Complexity Measures and Macroeconomic Stability of Centralized and Decentralized Exchange: Evidence from Cross-Cultural Anthropological Data
Centralized exchange has a worst-case size-complexity many orders of magnitude lower than decentralized monetary exchange. As long as its computational limits are not exceeded, therefore, a centralized exchange may approach Pareto-efficiency more rapidly than a decentralized exchange. Wealth holdings sufficient to guarantee Pareto-efficient exchange may also be more easily achieved by a centralized exchange. In a centralized exchange, the sufficiency condition is that the central agent should begin each period with wealth equal to all other agentsâ€™ excess demands. In a decentralized monetary system, by contrast, each agent should begin each period with wealth equal to its own excess demand. If centralized wealth sufficiency is more reliably maintained, then it may have â€“ in addition to its size-complexity advantage â€“ greater macroeconomic stability than decentralized monetary exchange. Supporting this conjecture, historical evidence and tests on cross-cultural anthropological data suggest that the first economies with a complex division of labor were centralized â€œstorehouse economies,â€ rather than the decentralized monetary systems. Econometric estimates are used to demonstrate a further implication of size-complexity theory: that the historic limits of centralized systems, and the eventual prevalence of decentralized monetary exchange, were associated with increased division of labor, rather than increased population
To our knowledge, this item is not available for
download. To find whether it is available, there are three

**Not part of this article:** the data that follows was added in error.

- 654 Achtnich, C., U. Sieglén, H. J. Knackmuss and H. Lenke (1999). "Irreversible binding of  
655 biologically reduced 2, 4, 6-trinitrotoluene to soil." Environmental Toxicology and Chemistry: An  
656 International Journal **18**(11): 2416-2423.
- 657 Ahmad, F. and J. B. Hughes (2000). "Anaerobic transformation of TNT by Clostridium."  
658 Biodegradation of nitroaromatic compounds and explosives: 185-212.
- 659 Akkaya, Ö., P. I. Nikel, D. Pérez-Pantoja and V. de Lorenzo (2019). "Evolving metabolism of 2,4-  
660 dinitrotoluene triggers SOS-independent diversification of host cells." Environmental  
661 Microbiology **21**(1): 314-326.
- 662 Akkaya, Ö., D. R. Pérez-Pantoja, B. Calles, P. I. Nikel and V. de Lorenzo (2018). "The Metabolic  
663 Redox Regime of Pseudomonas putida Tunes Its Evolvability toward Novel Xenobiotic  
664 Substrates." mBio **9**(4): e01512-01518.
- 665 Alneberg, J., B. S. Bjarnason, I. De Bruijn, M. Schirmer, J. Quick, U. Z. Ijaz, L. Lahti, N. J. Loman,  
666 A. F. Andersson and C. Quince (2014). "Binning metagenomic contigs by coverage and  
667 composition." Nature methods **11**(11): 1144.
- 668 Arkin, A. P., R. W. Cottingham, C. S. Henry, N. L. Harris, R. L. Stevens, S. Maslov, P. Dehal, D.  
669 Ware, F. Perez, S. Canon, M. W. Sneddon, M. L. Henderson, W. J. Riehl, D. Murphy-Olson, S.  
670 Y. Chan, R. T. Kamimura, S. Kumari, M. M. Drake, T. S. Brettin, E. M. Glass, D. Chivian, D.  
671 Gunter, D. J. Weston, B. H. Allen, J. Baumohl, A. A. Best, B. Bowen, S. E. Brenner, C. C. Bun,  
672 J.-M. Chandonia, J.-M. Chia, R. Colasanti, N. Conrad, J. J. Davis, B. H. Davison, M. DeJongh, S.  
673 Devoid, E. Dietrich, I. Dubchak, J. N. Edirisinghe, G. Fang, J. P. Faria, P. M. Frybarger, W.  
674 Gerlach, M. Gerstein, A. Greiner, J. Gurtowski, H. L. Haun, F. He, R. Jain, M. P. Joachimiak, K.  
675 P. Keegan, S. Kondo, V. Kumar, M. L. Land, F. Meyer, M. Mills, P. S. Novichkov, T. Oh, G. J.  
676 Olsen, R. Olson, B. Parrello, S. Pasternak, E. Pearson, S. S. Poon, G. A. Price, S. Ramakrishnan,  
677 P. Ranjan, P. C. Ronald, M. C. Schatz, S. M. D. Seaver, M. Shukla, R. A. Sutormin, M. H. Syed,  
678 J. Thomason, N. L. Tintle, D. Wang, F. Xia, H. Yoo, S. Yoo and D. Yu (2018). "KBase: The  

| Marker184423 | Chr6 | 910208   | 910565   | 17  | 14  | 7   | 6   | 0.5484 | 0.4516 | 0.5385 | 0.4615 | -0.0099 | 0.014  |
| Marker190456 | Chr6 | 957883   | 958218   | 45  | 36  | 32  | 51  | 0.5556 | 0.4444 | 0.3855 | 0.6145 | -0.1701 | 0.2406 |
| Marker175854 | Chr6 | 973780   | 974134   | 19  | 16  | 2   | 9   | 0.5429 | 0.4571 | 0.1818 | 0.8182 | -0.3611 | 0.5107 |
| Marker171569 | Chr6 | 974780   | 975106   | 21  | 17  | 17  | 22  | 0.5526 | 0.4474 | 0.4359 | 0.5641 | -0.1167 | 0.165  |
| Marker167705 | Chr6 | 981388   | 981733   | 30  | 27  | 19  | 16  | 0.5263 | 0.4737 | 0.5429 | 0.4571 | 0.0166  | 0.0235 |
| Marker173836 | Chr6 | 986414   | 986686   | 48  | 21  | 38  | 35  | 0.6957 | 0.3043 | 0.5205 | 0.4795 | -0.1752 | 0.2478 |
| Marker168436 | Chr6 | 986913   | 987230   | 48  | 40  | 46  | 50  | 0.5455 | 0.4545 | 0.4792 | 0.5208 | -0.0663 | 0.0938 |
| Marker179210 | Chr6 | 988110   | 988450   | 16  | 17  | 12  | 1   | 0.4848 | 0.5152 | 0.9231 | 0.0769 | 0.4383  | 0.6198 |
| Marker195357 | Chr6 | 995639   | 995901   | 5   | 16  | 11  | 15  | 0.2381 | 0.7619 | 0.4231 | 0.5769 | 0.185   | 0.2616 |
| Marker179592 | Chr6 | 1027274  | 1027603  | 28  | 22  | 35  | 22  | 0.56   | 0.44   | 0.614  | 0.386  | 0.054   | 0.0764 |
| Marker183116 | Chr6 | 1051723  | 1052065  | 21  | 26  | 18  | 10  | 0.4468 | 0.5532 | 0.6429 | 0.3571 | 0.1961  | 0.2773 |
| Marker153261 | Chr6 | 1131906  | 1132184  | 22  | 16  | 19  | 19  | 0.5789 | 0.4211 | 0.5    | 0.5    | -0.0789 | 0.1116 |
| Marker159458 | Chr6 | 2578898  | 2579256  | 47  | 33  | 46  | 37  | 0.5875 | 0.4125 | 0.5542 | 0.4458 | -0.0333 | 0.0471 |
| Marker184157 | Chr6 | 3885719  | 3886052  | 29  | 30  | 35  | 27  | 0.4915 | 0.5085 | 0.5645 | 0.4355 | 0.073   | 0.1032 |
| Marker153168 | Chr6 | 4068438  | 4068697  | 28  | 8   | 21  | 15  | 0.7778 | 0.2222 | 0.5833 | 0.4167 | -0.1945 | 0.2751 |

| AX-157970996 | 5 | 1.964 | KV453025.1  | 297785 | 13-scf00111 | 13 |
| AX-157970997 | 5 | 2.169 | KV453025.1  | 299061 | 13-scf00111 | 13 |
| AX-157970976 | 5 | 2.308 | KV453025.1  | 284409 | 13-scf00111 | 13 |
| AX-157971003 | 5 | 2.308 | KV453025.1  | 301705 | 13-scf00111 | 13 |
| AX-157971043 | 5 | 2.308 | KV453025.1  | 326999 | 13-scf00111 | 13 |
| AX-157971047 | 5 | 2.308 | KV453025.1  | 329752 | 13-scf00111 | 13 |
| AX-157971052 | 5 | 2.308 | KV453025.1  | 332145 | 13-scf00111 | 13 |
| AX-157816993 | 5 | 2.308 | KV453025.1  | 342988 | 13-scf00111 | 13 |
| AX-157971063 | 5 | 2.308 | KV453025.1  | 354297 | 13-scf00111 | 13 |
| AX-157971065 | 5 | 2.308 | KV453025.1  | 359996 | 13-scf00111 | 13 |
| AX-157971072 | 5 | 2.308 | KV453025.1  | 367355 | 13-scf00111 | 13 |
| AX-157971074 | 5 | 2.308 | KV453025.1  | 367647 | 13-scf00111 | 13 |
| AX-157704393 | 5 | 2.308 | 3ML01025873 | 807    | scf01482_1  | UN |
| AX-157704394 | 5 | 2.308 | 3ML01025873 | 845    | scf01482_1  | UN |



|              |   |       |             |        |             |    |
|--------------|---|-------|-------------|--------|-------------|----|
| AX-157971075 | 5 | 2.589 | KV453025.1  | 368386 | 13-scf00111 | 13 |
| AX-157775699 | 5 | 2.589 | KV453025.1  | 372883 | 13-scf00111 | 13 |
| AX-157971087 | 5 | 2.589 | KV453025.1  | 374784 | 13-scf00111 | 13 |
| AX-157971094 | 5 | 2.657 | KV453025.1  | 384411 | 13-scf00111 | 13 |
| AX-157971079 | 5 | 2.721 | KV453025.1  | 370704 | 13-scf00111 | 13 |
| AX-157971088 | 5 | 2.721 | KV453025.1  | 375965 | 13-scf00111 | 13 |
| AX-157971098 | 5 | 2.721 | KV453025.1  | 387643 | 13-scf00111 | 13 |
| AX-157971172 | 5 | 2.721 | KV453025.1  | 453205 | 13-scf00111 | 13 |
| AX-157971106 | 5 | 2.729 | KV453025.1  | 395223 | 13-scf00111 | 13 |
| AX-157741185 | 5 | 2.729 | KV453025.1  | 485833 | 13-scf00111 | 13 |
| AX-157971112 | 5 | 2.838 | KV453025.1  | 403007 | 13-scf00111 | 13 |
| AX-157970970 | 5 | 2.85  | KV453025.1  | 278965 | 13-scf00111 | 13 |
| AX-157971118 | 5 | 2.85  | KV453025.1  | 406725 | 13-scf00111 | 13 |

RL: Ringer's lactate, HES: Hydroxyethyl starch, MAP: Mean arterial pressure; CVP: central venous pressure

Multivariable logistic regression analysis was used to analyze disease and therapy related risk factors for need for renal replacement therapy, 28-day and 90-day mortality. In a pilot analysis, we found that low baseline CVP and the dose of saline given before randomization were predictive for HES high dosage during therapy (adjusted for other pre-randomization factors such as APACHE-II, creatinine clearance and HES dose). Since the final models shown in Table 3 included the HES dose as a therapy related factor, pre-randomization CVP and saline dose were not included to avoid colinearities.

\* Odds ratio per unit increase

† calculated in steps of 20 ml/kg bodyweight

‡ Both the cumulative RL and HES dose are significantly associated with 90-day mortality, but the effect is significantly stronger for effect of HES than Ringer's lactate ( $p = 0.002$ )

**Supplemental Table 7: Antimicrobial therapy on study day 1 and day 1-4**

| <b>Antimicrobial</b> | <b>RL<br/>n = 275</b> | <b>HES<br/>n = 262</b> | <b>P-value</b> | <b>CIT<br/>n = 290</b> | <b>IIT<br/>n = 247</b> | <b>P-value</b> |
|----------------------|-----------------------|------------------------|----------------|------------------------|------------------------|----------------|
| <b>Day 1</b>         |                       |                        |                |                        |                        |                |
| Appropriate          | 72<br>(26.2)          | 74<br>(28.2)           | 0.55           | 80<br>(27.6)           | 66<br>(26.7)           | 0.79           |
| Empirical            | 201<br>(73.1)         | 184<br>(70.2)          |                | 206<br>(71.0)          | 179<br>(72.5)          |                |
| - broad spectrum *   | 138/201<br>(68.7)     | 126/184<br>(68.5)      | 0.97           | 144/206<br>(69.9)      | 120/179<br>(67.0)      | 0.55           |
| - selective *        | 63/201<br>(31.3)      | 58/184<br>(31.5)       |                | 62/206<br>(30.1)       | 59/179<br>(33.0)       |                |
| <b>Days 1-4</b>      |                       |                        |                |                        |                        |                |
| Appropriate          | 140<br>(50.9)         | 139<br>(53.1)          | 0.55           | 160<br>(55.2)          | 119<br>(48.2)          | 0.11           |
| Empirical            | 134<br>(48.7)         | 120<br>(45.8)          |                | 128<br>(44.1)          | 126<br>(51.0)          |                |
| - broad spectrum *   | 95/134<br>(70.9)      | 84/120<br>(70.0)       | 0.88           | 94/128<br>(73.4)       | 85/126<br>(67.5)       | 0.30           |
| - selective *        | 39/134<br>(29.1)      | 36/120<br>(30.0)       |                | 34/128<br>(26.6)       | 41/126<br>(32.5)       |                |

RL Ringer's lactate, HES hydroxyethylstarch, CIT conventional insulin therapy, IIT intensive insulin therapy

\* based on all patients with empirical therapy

1. Check below under "Related research" whether another version of this item is available online.
2. Check on the provider's web page whether it is in fact available.
3. Perform a search for a similarly titled item that would be available.
When requesting a correction, please mention this item's handle: RePEc:sce:scecf5:65. See general information about how to correct material in RePEc.
For technical questions regarding this item, or to correct its authors, title, abstract, bibliographic or download information, contact: (Christopher F. Baum)
If you have authored this item and are not yet registered with RePEc, we encourage you to do it here. This allows to link your profile to this item. It also allows you to accept potential citations to this item that we are uncertain about.
If references are entirely missing, you can add them using this form.
If the full references list an item that is present in RePEc, but the system did not link to it, you can help with this form.
If you know of missing items citing this one, you can help us creating those links by adding the relevant references in the same way as above, for each refering item. If you are a registered author of this item, you may also want to check the "citations" tab in your profile, as there may be some citations waiting for confirmation.
Please note that corrections may take a couple of weeks to filter through the various RePEc services.